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To Aspiring Poets

The Genius of Poetry finding Burns at the Plough

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Introduction

The Hippocratic Oath is a covenant between the beginning physician and his profession regarding his conduct with patients. The following is a Hippocratic Oath for poets. Perhaps such an oath for poets could be called an Orphic Oath, after Orpheus, the mythical father of poetry and music, who descended into Hades and returned.

Does Poetry Make Sense?

Poets require standards. Many novice poets believe that anything that occurs to them to spew across the page in lines shorter than prose should be regarded as poetry. And many novices are convinced that poetry does not make sense and should not.

As I was walking across the Ball State University campus, outside Bracken library, I heard a young woman remark, “She says my writing doesn’t make sense. But I write poetry and it’s not supposed to make sense.”

That remark told me a lot about student attitudes toward poetry. As I taught English composition, I discovered that most students thought that poetry could mean anything they wanted it to mean. And others believed that only the teacher could tell them what it meant; most students could never figure it out for themselves.

Aspiring Poets Need to Know Better

It is understandable for general studies students to begin with inaccurate beliefs about poetry, but by the time a young person has decided to write poetry, it seems that that aspiring poet would know better.

One wonders which poets this future poet admires. But the sad fact is that this would-be poet probably does not admire any poets, because he/she has never actually read and studied any poets.

The Oath

If you are a beginning poet, you might do well to consider the following oath, which I have recreated, based on the Hippocratic Oath to which physicians swear at the beginning of their careers.

As I begin my career as a poet, I solemnly swear to the following covenant to the best of my ability:

1. I will respect and study the significant artistic achievements of those poets who precede me, and I will humbly share my knowledge with those who seek my advice. I will dedicate myself to my craft using all my talent while avoiding those two evils of (1) effusiveness of self-indulgence and (2) pontification of degradation and nihilism.

2. I will remember that there is a science to poetry as well as an art, and that spirituality, peace, and love always trump metaphors and similes. I will not bring shame to my art by pretending to knowledge I do not have, and I will not cut off the legs of colleagues that I may appear taller.

3. I will respect readers and ever be aware that not all readers are as well-versed in literary matters as I am. I will not take advantage of their ignorance by writing nonsense and then pretending it is the reader’s fault for not understanding my disingenuousness. Regardless of the level of fame and fortune I reach, I will remain humble and grateful, not arrogant nor condescending.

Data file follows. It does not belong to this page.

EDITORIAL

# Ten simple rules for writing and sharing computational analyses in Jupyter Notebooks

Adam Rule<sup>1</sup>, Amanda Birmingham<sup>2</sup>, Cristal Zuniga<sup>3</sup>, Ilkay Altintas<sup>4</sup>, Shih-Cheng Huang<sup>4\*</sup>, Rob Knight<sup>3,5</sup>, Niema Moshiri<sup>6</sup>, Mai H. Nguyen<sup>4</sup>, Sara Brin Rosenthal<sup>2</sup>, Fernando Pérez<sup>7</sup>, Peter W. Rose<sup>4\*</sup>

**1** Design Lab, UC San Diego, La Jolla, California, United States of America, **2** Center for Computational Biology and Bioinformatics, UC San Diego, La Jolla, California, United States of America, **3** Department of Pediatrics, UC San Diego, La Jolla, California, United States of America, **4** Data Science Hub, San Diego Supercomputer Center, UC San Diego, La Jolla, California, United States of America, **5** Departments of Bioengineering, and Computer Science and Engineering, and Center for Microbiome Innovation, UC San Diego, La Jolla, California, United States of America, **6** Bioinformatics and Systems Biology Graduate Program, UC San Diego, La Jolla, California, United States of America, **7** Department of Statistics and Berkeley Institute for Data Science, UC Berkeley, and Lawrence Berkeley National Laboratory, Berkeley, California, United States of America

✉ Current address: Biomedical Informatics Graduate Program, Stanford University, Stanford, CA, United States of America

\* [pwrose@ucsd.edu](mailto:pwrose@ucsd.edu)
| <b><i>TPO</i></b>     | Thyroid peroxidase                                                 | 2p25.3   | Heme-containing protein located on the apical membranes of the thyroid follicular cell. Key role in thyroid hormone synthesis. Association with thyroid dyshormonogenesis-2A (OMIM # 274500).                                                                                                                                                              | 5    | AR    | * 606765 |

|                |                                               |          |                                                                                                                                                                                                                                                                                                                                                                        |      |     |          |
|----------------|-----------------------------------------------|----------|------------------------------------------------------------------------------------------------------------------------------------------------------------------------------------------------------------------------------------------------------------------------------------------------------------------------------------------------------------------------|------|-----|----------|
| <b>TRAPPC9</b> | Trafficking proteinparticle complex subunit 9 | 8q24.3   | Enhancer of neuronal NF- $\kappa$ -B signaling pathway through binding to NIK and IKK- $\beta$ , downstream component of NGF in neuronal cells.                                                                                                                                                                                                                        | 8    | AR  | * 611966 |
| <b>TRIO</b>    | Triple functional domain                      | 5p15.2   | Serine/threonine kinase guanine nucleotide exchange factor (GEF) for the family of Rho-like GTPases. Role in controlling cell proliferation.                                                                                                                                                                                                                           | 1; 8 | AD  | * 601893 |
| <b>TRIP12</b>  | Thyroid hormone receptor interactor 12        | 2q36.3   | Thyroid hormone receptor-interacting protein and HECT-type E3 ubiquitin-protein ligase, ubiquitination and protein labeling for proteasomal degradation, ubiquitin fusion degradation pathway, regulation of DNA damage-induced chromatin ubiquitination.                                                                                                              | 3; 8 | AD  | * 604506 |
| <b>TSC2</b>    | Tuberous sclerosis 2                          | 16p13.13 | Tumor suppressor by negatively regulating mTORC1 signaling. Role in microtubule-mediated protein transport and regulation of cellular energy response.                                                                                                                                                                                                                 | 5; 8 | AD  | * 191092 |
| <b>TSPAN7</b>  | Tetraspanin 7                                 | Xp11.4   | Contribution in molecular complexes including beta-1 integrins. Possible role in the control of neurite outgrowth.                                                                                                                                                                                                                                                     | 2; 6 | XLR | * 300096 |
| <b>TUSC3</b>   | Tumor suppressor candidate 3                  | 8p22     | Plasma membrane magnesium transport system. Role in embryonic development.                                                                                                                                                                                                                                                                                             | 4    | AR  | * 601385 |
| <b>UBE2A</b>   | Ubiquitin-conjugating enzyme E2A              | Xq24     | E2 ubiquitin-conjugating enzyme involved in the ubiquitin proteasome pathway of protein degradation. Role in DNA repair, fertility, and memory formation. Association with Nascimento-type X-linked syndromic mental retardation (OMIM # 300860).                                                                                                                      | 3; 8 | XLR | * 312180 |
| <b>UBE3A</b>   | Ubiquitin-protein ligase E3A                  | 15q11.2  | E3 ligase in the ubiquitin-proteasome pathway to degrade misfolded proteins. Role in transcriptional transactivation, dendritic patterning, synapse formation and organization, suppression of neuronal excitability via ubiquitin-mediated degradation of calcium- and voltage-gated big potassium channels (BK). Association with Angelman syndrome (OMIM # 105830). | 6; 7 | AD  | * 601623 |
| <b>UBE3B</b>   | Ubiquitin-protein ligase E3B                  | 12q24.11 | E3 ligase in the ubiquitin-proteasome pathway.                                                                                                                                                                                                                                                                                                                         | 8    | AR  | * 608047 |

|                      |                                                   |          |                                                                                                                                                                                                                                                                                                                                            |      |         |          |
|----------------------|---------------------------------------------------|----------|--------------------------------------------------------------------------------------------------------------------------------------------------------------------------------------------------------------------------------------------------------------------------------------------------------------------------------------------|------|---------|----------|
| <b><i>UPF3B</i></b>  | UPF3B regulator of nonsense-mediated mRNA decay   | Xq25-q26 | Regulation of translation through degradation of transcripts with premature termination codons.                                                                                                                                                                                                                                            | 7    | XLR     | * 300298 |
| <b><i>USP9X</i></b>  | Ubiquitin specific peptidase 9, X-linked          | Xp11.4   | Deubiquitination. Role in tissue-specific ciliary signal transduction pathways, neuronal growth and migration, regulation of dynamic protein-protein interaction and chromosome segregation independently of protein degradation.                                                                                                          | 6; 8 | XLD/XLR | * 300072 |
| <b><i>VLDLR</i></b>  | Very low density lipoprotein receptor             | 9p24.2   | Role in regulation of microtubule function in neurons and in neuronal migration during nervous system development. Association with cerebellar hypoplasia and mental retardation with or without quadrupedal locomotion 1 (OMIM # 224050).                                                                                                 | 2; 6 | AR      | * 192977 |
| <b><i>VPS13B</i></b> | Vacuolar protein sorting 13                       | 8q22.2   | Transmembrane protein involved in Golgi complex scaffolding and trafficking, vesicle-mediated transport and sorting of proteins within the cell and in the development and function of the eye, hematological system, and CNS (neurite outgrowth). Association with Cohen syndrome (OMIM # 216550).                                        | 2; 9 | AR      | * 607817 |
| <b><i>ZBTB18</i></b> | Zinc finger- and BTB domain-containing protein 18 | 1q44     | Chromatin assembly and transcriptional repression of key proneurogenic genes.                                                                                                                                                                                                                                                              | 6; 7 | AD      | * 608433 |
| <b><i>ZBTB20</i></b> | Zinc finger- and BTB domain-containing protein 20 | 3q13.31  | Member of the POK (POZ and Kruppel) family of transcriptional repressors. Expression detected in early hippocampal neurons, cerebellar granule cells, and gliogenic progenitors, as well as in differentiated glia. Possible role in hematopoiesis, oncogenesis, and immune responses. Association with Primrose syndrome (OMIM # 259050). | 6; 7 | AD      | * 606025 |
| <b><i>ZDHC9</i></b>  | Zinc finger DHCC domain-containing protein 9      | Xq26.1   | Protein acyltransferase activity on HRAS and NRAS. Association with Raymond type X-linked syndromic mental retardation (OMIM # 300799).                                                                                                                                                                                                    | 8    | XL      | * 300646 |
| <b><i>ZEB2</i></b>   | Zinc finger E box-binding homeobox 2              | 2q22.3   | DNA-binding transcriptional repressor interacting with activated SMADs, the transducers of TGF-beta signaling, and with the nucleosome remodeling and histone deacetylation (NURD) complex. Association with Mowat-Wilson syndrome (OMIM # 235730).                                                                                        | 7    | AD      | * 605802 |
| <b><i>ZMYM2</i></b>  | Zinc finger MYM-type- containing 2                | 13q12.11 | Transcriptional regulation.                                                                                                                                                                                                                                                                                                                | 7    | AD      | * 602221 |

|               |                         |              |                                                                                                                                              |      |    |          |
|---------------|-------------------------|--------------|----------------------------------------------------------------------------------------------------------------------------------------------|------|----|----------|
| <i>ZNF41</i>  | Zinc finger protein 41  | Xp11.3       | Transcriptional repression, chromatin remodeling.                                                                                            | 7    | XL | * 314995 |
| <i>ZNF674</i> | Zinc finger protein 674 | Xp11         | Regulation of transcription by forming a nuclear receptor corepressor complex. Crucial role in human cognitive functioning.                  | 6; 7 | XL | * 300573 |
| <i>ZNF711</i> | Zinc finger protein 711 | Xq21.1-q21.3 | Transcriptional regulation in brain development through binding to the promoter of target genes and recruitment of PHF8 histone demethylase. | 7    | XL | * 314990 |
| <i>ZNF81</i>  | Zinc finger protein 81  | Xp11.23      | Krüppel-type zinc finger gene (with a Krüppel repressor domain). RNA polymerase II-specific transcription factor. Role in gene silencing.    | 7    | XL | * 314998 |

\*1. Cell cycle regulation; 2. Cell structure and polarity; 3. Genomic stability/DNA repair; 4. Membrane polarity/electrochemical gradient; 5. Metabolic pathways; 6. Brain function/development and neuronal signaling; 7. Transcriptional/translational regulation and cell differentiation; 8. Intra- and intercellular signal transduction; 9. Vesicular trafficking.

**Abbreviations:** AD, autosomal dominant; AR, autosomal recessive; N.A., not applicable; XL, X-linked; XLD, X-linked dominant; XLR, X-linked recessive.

4. I will remember that poetry requires revision and close attention; it does not just pour out of me onto the page, as if opening a vein and letting it drip. Writing poetry requires thinking as well as feeling.

5. I will continue to educate myself in areas other than poetry so that I may know a fair amount about history, geography, science, math, philosophy, foreign languages, religion, and other fields of endeavor that result in bodies of knowledge.

6. I will remember that I am no better than prose writers, songwriters, musicians, or politicians; all human beings deserve respect as well as scrutiny as they perform their unique duties, whether artist or artisan.

7. I will not rewrite English translations of those who have actually translated and pretend that I too am a translator. I will not translate any poem that I cannot read and comprehend in the original.

If young poets treat their art as a trust between themselves and all they hold sacred, they will gladly follow this covenant and represent their chosen art successfully.

A Post Script: Supporting Yourself by Writing Poetry

Aspiring poets needs to be aware that making a living solely by writing poetry is unlikely. They will, therefore, need to support themselves by other means, at least until they can ultimately parlay their literary reputations into full-time writing.

An example of a poet who was able to parlay that reputation is Dana Gioia.

© 2016 Linda Sue Grimes

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    Maya Shedd Temple profile image

    Linda Sue Grimes (Maya Shedd Temple)36 Followers
    476 Articles

    Poetry became my passion, after I fell in love with Walter de la Mare's "Silver" in Mrs. Edna Pickett's sophomore English class, circa 1962.



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